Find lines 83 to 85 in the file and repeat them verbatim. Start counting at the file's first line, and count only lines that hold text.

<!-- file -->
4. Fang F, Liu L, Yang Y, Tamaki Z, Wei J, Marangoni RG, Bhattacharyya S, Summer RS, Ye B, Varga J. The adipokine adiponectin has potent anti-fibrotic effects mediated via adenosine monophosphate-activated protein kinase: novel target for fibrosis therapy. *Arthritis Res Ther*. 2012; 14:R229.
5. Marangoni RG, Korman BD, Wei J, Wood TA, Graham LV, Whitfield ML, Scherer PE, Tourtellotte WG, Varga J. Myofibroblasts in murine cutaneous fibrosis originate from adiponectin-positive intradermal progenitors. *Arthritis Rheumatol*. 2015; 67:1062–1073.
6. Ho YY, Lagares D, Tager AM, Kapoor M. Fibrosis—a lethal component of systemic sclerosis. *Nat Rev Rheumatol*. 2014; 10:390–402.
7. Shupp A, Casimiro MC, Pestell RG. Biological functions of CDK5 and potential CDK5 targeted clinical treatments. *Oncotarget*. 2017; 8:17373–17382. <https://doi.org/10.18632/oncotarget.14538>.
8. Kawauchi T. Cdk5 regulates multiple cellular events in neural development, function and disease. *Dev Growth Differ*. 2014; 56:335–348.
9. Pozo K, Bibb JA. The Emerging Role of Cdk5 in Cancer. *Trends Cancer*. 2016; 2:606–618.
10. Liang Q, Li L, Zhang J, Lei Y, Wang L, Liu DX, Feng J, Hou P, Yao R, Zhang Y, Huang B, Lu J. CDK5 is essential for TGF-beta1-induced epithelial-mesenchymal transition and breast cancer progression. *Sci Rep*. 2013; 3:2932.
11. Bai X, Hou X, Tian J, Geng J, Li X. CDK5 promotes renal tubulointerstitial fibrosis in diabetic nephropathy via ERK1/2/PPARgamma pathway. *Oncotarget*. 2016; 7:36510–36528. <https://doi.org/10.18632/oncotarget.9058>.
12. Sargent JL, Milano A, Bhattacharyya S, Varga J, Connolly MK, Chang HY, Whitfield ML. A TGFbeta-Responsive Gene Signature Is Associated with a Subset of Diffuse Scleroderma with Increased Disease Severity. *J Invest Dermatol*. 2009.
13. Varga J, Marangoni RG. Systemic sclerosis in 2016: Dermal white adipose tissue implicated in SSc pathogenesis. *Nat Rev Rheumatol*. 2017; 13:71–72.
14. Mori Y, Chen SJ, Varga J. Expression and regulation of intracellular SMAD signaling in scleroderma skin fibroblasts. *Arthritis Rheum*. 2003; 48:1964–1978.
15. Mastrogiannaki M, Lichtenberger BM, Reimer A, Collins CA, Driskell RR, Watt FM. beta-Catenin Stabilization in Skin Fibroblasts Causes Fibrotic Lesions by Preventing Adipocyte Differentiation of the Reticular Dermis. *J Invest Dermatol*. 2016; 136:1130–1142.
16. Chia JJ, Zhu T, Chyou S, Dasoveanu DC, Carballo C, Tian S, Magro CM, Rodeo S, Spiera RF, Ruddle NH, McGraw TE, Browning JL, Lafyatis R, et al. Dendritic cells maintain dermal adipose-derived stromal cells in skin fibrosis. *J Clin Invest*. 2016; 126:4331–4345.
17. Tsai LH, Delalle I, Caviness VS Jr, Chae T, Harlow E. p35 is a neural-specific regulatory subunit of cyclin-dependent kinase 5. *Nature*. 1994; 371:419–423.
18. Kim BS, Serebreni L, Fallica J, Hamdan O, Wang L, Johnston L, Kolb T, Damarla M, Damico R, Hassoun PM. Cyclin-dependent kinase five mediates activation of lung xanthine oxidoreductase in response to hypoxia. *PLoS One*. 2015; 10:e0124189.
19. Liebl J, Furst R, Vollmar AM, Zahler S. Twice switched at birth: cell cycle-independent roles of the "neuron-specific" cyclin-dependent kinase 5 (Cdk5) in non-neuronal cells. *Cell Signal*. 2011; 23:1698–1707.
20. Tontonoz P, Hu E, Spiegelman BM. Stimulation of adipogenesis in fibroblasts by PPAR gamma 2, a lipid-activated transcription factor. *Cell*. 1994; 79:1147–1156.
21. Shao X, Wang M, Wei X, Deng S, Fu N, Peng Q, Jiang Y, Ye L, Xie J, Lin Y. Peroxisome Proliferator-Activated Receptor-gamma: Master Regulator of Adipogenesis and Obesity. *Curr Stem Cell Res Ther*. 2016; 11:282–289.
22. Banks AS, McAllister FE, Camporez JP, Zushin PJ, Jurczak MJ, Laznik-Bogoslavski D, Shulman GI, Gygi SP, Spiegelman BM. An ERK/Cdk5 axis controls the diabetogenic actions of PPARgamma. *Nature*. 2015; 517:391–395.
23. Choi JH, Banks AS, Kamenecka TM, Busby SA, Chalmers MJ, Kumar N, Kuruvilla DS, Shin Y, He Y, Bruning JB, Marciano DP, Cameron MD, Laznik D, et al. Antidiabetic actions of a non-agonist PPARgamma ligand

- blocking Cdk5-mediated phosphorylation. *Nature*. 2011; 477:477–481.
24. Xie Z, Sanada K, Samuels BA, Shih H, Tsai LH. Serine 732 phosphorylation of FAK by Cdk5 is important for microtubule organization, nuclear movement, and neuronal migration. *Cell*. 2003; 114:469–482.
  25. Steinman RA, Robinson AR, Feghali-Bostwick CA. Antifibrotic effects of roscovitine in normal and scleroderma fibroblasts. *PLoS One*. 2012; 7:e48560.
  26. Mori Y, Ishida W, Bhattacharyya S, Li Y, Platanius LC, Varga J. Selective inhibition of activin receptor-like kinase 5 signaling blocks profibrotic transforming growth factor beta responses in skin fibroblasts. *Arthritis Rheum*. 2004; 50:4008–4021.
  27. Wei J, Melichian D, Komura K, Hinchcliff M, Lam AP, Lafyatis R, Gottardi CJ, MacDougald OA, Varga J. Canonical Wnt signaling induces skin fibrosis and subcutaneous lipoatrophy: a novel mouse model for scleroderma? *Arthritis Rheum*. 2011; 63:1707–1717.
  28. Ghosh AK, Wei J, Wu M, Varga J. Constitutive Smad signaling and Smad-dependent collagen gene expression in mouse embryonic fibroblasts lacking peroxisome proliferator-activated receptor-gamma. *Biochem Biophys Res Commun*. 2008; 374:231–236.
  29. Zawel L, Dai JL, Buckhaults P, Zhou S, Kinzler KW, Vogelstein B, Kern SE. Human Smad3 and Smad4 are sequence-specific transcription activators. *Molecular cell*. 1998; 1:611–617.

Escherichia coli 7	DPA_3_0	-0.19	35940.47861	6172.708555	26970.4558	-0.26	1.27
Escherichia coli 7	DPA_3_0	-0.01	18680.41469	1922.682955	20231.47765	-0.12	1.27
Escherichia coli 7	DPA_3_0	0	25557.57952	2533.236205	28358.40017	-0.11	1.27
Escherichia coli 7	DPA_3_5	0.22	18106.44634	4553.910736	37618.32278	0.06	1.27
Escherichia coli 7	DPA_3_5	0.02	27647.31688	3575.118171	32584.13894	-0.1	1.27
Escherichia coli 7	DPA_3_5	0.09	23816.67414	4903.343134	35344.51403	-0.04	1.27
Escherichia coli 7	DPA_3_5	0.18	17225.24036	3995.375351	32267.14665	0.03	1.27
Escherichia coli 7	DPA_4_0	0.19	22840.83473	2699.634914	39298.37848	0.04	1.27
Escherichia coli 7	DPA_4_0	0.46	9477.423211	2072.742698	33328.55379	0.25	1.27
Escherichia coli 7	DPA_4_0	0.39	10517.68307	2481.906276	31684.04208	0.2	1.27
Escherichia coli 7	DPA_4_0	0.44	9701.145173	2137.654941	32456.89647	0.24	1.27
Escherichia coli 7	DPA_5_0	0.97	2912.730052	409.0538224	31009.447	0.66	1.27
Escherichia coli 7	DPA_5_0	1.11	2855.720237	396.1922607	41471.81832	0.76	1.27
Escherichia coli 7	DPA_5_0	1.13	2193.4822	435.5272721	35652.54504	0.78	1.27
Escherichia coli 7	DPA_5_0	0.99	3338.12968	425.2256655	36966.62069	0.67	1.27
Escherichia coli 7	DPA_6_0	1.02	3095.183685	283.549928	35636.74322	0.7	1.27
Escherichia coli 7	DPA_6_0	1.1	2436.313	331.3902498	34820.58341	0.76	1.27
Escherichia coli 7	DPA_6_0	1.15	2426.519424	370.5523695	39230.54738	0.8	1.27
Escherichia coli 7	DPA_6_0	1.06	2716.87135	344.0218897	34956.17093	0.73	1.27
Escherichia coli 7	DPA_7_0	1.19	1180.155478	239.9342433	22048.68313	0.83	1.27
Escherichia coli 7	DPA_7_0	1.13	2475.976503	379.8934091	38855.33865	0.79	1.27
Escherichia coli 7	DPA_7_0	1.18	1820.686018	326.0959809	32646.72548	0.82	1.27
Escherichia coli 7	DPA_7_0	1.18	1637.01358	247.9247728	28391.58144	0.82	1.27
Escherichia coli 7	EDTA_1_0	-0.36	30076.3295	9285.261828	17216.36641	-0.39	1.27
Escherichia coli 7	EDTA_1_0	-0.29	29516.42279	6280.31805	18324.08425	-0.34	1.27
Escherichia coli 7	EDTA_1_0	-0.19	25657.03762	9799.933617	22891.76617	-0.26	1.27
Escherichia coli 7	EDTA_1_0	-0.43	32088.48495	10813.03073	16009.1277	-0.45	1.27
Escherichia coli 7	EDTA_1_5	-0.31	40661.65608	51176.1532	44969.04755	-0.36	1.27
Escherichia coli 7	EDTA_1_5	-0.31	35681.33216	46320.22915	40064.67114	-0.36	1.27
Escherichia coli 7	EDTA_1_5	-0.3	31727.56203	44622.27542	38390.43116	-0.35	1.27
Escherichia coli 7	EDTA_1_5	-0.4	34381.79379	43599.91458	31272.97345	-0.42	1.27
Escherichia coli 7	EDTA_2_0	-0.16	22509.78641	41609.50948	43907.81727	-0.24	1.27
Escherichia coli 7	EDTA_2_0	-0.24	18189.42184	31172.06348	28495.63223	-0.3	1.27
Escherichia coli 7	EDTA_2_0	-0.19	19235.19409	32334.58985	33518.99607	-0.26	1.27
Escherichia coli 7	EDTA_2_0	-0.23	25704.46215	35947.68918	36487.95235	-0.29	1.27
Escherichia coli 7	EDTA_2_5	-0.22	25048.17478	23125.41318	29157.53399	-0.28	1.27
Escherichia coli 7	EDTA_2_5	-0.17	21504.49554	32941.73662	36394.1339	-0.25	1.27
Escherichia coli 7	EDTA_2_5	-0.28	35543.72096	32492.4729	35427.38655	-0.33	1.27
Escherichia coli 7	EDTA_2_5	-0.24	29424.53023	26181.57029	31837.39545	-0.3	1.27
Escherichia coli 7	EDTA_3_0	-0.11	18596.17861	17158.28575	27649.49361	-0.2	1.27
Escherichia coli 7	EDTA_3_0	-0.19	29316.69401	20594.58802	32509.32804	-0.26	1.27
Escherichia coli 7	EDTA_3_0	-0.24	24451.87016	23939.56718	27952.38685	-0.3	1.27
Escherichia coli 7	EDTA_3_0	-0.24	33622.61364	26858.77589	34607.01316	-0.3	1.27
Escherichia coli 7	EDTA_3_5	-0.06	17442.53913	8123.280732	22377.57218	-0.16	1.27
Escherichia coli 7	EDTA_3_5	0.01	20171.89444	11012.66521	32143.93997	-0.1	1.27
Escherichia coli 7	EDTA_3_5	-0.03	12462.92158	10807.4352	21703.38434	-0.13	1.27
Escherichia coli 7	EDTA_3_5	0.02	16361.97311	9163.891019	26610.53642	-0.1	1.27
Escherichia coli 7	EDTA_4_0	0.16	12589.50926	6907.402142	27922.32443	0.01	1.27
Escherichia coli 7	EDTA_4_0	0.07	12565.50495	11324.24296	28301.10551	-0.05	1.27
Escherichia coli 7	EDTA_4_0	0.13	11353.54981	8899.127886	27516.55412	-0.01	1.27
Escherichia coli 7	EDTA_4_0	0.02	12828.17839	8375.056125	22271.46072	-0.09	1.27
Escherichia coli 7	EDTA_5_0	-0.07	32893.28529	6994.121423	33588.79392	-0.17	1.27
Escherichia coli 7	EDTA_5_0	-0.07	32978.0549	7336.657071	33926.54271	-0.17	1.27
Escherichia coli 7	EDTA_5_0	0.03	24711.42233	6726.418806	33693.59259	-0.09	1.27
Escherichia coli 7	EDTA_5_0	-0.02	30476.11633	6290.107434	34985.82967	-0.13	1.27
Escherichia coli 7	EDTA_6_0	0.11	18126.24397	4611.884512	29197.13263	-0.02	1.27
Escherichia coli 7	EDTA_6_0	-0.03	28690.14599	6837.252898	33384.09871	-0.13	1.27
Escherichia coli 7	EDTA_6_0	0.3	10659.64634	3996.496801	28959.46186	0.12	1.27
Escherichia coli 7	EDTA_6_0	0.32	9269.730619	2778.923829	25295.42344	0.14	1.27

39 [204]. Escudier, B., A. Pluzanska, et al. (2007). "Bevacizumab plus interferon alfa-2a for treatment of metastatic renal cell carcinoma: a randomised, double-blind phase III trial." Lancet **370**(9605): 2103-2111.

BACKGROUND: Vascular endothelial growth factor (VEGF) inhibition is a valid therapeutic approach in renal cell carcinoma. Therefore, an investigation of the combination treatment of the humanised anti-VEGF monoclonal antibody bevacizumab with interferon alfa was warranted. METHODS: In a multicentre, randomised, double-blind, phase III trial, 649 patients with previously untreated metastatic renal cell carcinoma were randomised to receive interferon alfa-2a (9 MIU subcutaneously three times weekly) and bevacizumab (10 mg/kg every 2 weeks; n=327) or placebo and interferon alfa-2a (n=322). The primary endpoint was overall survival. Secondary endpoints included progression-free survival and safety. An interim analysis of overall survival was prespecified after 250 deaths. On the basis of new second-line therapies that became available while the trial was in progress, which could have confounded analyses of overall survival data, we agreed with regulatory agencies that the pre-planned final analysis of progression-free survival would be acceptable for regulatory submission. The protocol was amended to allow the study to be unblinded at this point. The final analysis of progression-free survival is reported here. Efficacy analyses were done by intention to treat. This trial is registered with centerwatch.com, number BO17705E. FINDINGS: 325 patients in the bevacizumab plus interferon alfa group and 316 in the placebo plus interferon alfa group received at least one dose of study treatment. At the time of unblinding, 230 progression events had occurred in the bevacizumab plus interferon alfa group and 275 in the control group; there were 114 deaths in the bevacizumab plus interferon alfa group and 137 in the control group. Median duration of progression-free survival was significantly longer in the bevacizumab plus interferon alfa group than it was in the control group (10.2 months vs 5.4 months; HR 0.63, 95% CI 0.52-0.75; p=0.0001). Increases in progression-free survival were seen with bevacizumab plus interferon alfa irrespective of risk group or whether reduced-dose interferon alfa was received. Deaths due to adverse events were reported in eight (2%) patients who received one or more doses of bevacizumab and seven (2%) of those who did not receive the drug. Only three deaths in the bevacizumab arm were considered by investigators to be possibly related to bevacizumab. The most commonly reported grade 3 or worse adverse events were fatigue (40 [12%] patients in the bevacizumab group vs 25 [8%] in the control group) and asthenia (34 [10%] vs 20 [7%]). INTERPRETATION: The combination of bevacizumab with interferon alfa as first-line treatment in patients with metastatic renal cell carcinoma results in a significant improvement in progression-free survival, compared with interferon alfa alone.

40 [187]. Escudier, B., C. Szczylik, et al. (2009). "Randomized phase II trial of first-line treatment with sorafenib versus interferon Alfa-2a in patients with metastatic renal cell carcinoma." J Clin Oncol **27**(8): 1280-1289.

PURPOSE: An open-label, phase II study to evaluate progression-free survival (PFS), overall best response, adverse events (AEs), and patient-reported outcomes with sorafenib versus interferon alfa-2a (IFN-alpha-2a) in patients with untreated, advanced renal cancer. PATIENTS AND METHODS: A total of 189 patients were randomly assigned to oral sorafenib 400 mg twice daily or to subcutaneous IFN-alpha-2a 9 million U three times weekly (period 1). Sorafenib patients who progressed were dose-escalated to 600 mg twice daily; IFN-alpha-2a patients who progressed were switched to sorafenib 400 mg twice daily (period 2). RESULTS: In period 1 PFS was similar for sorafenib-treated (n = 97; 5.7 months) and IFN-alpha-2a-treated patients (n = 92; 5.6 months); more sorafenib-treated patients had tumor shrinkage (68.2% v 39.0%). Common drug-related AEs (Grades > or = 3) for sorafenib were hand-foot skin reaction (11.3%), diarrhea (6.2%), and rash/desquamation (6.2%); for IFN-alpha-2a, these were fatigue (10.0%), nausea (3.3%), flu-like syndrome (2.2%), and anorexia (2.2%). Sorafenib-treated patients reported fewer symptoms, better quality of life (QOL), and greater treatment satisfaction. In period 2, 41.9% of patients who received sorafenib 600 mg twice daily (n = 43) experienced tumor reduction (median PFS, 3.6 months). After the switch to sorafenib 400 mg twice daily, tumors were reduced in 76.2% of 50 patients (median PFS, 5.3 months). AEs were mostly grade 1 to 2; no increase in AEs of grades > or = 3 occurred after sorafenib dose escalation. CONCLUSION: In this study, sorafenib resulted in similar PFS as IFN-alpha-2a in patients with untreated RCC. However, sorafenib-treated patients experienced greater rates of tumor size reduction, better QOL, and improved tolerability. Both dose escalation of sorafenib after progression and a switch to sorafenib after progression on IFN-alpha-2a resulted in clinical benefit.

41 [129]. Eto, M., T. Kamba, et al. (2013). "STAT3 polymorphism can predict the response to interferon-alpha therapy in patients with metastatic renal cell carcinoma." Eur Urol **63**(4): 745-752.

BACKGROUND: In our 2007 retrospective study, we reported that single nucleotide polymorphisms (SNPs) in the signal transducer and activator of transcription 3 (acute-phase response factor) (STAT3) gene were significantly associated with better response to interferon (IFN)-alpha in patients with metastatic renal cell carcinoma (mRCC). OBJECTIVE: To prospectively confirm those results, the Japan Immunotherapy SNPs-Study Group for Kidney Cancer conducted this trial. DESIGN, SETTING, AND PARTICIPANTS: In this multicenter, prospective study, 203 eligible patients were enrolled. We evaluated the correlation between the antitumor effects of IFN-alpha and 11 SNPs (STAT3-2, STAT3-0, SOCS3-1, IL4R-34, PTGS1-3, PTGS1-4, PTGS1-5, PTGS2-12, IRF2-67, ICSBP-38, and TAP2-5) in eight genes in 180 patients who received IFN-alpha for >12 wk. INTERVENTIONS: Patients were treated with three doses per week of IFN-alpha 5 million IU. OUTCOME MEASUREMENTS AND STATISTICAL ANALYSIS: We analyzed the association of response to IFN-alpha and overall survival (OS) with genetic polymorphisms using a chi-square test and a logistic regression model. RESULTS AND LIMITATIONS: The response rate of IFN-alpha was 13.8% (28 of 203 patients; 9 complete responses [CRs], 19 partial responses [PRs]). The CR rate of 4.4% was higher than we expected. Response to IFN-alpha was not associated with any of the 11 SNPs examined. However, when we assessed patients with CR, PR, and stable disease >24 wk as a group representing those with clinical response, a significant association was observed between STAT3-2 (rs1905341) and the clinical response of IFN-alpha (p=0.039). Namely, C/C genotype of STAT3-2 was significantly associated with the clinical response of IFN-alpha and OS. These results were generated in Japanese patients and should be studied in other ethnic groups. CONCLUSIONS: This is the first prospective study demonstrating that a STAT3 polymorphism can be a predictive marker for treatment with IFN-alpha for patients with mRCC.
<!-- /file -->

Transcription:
Escherichia coli 7	EDTA_6_0	0.11	18126.24397	4611.884512	29197.13263	-0.02	1.27
Escherichia coli 7	EDTA_6_0	-0.03	28690.14599	6837.252898	33384.09871	-0.13	1.27
Escherichia coli 7	EDTA_6_0	0.3	10659.64634	3996.496801	28959.46186	0.12	1.27